In the Third Lake Ridge Historic District in Madison, Wisc., front porches are a prominent architectural feature of many of the homes, which were built between the 1850s and the 1920s. This particular Victorian-style home dates to 1899, and the porch (like many in this neighborhood) suffered from shallow footings, rotten floor boards, and roof leaks. My employer, TDS Custom Construction, a 30+ year-old design/build firm located a few blocks away from the district, was hired to restore the porch as well as design and build a single-car garage for the property that would stylistically complement the original house.

I was the lead carpenter on the project, which still had a variety of unknowns when we started our work. For example, we knew that we would need to pour new footings and rebuild the floor system, but we didn’t know the extent to which the roof system had been damaged as a result of the old footings’ sinking. Because the existing finished ceiling of the porch was in good shape, we wanted to save it and the roof framing, if possible. But it was obvious that something was going on with the roof framing based on a soft spot and obvious mid-roof sag.

After shoring up the porch roof with temporary supports and removing the old porch, workers discovered inadequate footings, and that the porch’s roof system had been simply toenailed to the wall sheathing and was pulling away from the house.

We started by temporarily posting under each corner of the sagging roof using screw jacks to try and level it. The porch was nearly 2 inches out of level from left to right, and one of our biggest concerns was the connection to the house as we began to jack the corner up to level the roofline. To help with any stress or settling that might occur because of this, we built a temporary shoring wall under the roof right against the house. Next, we removed a few sections of skip sheathing near the peak of the porch roof to see how it was fastened to the house and discovered that the roof rafters and ceiling joists were only toe-nailed to the existing siding with 10d nails (the porch wasn’t original to the house). As the porch framing settled, the rafters had pulled away from the house.

With the existing porch roof stabilized, workers dug and poured new footings.

We corrected this by adding a ledger screwed directly into the stud wall, and then refastening the rafters to this ledger after we jacked the roof up. The ceiling joists were still well-fastened to the rafters, so we simply added a few 4-inch-long structural screws to reinforce those connections. Then we posted the rafters to the ceiling joists, which were supported by our temporary wall below.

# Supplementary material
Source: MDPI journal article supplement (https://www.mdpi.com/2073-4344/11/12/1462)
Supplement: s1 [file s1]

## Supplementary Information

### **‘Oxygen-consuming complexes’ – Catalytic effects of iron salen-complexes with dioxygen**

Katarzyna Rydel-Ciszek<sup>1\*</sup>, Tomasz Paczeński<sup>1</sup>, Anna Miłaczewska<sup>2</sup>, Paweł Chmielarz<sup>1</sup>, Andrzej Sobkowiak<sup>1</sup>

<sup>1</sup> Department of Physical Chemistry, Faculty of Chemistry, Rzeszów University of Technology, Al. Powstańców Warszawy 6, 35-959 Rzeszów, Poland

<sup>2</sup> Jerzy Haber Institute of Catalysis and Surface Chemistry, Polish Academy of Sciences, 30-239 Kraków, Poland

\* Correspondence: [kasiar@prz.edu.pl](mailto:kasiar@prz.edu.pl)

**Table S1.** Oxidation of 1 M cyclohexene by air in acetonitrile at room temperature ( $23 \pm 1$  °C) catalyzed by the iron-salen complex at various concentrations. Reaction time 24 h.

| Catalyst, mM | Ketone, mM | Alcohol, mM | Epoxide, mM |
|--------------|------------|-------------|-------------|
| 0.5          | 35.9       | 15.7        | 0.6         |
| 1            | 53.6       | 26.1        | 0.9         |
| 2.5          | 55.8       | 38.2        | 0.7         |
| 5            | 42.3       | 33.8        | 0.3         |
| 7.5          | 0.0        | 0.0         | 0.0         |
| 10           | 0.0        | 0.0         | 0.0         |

We had to cut back the rafters so they were no longer nailed to the house and wouldn’t pinch as we jacked the roof up. With the roof system shored up and everything cut back, we were able to easily use the screw jacks to lift the roof to level. We then cut the rafters back further so we could slide a 2x6 ledger in. We screwed the ledger into the studs and screwed the rafters to it.

Removing the railings was straightforward. We blocked under them so they wouldn’t fall or pinch as we began cutting them free. We went slow and used a ton of sharp multitool blades to cut all the caulk and nails free. We brought the railings to our shop to sand and wood-epoxy the tops and any cracks or flaws.

When workers framed the new porch they oriented the joists parallel to the front of the house so that the new tongue-and-groove porch flooring could be installed perpendicular to the house, with a slight pitch for drainage.

While our painting contractor worked on the railings in our shop, we went about building the new porch floor system and adding the posts that would support the repaired roof system. This part of the project followed standard deck framing practices, though we framed the joists parallel with the front of the house to allow for easy installation of the tongue-and-groove Douglas fir porch flooring running perpendicular to—and sloped slightly away from—the house.

When we reinstalled the columns after completing the porch flooring, we added a lot of blocking so that when we reinstalled the railings, we would have plenty of meat to grab. We tried to predrill and use screws in inconspicuous locations (the undersides of the top and bottoms, toe screws through the sides facing the house, and so on). We then filled the holes with wood epoxy, sanded once more, and primed everything.

The crew installed blocking around the new pressure treated posts supporting the roof, then reinstalled the porch’s original columns and colorful balustrade (left photo). Where touch-up paint was needed, it was chosen to match as closely as possible the original porch (above).

After completing the porch restoration, we started on the garage build. The garage, designed by TDS Custom Construction director of design Christi Weber, is a single-car garage with a workspace area in the back and an attic for storage. The foundation of poured concrete frost walls and the standard wood-stud framing with attic trusses are typical of current construction methods. The exterior finishes—2 3/4-inch exposure cedar siding, trim details to match the house, and carriage house–style door—are what tie the garage to the historic district.

Beth Skogan Along with the porch restoration, the project included a new garage, designed and finished to fit with the character of the existing house.

Working on homes in historic districts presents both challenges and opportunities for interesting, creative problem-solving work. Matching and preserving the historic details possessed by these homes while repairing failing parts of the structure are key to making a project like this successful. Adding in a new-construction build component like a garage gave us carpenters in the field and our associated building trades a well-rounded project to execute. ❖

Photos by Elliot Samuel-Lamm except where noted.